Relying on the dichotomy between express and issue advocacy from WRTL II, the Commissioners characterized all of AAN's ads that did not expressly advocate for a candidate (i.e., its electioneering communications) as “genuine issue advertisements, ” the $13.7 million cost of which could not be counted toward an election-related major purpose. J.A. 1709-10. They made this determination wholesale, without discussing the content of any individual ad. Id. The Commissioners also considered AAN's spending over its lifetime-mid-2009 to mid-2011-instead of year-to-year and, in total, found that only the $4.1 million that AAN spent on express advocacy between 2009 and 2011 was aimed to elect a candidate. Id. at 1709. In their view, because that spending accounted for only 15% of AAN's total expenses during that period, the group necessarily lacked a major purpose of nominating or electing a candidate. Id. at 1709- 10, 1716.

         CREW filed suit in this Court challenging the FEC's dismissal of the complaint against AAN, as well as the dismissal of a similar complaint against another organization, Americans for Job Security (“AJS”). CREW v. FEC, 209 F.Supp.3d 77, 80-81 (D.D.C. 2016). CREW alleged that both dismissals violated FECA.[5] AAN and AJS intervened as additional defendants and the parties filed cross-motions for summary judgment. Id. at 85.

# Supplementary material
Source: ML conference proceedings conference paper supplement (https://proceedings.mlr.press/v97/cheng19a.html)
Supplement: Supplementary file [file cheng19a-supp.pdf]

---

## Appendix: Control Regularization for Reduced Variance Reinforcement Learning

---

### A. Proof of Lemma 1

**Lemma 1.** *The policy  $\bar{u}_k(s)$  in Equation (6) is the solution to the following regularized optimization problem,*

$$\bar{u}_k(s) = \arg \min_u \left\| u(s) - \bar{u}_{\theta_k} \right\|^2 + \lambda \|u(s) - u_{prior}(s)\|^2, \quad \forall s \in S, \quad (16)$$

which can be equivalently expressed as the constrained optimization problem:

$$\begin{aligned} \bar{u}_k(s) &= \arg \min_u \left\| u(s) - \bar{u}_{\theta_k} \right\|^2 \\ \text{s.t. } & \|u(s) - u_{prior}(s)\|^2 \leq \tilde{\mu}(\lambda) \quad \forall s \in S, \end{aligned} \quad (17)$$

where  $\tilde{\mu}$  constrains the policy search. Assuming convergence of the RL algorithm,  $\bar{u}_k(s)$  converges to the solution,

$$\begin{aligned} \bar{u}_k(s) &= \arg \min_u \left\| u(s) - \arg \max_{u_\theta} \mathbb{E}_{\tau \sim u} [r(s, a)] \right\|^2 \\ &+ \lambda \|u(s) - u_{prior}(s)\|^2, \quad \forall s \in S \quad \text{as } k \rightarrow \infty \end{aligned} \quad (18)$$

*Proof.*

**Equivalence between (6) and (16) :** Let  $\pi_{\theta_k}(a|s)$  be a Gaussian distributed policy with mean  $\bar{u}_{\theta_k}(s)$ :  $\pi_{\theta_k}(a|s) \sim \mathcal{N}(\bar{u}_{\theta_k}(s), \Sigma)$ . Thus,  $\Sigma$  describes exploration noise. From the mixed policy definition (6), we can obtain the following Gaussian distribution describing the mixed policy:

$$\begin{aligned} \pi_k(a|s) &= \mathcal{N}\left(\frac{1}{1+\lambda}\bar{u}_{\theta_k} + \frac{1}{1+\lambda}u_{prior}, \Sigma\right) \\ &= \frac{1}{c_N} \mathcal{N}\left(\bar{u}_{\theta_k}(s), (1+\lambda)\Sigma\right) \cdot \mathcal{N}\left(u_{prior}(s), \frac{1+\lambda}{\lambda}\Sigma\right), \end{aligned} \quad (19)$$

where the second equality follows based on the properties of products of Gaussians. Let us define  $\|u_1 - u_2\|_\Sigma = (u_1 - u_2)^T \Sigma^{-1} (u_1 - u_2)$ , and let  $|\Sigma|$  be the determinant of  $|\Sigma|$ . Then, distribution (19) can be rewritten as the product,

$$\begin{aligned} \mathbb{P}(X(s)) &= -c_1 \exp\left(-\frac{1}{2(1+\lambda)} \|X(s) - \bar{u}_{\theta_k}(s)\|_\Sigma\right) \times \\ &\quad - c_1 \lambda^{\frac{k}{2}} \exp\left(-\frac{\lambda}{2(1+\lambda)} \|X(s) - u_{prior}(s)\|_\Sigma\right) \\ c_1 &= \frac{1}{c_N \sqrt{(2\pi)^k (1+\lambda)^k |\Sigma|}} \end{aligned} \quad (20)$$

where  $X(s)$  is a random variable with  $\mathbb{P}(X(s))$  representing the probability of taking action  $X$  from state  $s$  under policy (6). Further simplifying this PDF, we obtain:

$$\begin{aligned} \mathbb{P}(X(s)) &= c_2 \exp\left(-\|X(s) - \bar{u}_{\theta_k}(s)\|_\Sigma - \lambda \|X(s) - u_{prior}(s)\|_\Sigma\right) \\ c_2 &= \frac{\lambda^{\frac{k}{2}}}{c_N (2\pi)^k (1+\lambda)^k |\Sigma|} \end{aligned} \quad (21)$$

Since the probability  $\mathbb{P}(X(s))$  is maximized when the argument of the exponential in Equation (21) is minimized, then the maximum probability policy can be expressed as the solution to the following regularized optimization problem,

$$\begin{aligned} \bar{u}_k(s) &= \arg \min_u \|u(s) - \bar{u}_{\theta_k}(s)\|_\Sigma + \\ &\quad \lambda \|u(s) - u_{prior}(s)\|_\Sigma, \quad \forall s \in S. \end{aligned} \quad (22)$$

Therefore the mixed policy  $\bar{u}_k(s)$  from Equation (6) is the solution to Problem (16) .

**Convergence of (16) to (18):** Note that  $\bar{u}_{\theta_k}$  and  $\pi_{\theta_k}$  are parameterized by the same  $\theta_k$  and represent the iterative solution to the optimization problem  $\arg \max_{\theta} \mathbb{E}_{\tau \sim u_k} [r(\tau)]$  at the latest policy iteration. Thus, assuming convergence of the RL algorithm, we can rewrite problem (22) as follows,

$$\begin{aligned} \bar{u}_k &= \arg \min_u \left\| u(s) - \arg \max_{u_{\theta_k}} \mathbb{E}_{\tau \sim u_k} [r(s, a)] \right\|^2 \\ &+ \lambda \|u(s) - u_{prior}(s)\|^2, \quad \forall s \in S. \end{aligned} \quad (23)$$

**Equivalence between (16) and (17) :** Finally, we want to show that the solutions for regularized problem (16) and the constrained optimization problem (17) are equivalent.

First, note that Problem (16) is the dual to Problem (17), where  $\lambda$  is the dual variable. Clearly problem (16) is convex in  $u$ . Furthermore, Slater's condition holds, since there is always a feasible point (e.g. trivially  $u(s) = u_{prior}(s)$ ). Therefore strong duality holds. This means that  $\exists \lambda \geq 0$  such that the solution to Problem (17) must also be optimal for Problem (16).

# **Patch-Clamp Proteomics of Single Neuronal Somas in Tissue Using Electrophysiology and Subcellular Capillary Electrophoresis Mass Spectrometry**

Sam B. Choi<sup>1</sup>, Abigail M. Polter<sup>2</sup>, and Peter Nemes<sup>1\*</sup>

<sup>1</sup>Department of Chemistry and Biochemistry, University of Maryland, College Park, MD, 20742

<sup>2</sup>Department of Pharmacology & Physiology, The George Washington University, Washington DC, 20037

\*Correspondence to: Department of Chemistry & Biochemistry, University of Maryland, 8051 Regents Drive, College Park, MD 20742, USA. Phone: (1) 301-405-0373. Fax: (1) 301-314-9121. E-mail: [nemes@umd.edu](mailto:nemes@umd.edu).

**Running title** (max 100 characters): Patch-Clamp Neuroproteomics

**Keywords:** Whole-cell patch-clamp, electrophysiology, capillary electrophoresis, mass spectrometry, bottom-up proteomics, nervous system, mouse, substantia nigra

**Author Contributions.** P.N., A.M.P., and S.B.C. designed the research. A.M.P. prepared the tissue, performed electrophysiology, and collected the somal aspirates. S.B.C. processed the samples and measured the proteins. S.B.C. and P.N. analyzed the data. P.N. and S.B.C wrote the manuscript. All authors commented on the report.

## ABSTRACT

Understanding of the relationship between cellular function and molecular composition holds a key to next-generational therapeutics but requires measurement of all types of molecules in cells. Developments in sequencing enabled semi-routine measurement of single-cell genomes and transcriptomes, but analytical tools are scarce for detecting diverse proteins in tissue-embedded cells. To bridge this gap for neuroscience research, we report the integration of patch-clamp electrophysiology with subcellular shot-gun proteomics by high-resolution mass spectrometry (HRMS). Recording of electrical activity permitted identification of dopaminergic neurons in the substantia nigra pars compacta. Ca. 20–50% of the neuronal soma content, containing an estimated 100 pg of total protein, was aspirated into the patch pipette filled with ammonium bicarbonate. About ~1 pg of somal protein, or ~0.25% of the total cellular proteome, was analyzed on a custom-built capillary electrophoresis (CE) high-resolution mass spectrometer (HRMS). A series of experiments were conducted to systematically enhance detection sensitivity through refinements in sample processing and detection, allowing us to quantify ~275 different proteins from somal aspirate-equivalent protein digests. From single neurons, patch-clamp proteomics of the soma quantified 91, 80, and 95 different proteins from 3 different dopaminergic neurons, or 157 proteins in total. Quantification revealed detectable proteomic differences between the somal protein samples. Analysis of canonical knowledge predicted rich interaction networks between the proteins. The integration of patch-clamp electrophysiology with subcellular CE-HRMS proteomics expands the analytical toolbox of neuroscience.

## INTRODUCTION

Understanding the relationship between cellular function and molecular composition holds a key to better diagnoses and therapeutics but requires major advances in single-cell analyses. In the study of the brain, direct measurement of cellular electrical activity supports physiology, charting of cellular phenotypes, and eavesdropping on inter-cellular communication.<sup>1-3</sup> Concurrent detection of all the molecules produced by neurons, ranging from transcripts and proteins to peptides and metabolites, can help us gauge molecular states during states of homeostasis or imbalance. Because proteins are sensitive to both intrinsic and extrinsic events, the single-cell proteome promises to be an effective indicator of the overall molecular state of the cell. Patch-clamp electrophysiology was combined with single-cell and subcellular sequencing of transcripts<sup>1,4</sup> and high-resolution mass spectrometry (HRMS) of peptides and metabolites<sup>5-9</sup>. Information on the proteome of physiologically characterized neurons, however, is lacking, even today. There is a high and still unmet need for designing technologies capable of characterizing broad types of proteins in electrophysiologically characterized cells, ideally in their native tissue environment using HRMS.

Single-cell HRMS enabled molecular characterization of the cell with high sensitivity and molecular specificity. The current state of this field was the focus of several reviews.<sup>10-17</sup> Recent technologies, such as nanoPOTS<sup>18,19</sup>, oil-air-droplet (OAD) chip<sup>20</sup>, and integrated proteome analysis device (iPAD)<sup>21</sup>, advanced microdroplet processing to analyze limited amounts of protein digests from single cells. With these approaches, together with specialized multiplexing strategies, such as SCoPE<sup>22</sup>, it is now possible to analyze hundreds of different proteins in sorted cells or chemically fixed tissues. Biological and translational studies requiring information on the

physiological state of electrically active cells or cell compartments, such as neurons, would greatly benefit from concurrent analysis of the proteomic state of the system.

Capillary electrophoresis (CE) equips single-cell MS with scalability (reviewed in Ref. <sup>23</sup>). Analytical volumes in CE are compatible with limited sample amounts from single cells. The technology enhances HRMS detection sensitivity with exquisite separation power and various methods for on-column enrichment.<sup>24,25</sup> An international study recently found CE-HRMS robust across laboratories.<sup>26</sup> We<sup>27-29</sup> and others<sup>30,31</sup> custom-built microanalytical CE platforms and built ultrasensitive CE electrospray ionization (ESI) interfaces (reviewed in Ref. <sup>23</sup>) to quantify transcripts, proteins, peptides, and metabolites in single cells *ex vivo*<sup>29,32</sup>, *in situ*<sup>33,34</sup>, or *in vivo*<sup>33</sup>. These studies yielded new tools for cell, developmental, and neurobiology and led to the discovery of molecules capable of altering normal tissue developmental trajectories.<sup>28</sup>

In a September 2016 decision, this Court held that both dismissals were contrary to law and remanded them to the Commission for reconsideration. Id. at 95. As the Court explained, the FEC's reliance on a hard distinction between express advocacy and issue advocacy depended on an erroneous premise: that the First Amendment required it to exclude from its consideration all non-express advocacy in the context of disclosure requirements. Id. at 93. While the Supreme Court in WRTL II had concededly drawn such a distinction in evaluating a ban on corporate-sponsored electioneering communications, in McConnell and Citizens United v. FEC, 558 U.S. 310 (2010), it had expressly declined to take that approach in evaluating disclosure requirements triggered by those communications. Id. at 89-90 (quoting Citizens United, 558 U.S. at 369). And in the wake of those cases, “federal appellate courts ha[d] resoundingly concluded that WRTL II's constitutional division between express advocacy and issue speech is simply inapposite in the disclosure context.” Id. at 90.

         This Court nevertheless declined to adopt CREW's proposed rule that, to comply with FECA, the Commission must treat all electioneering communications as indicative of an election-related major purpose. As the Court explained: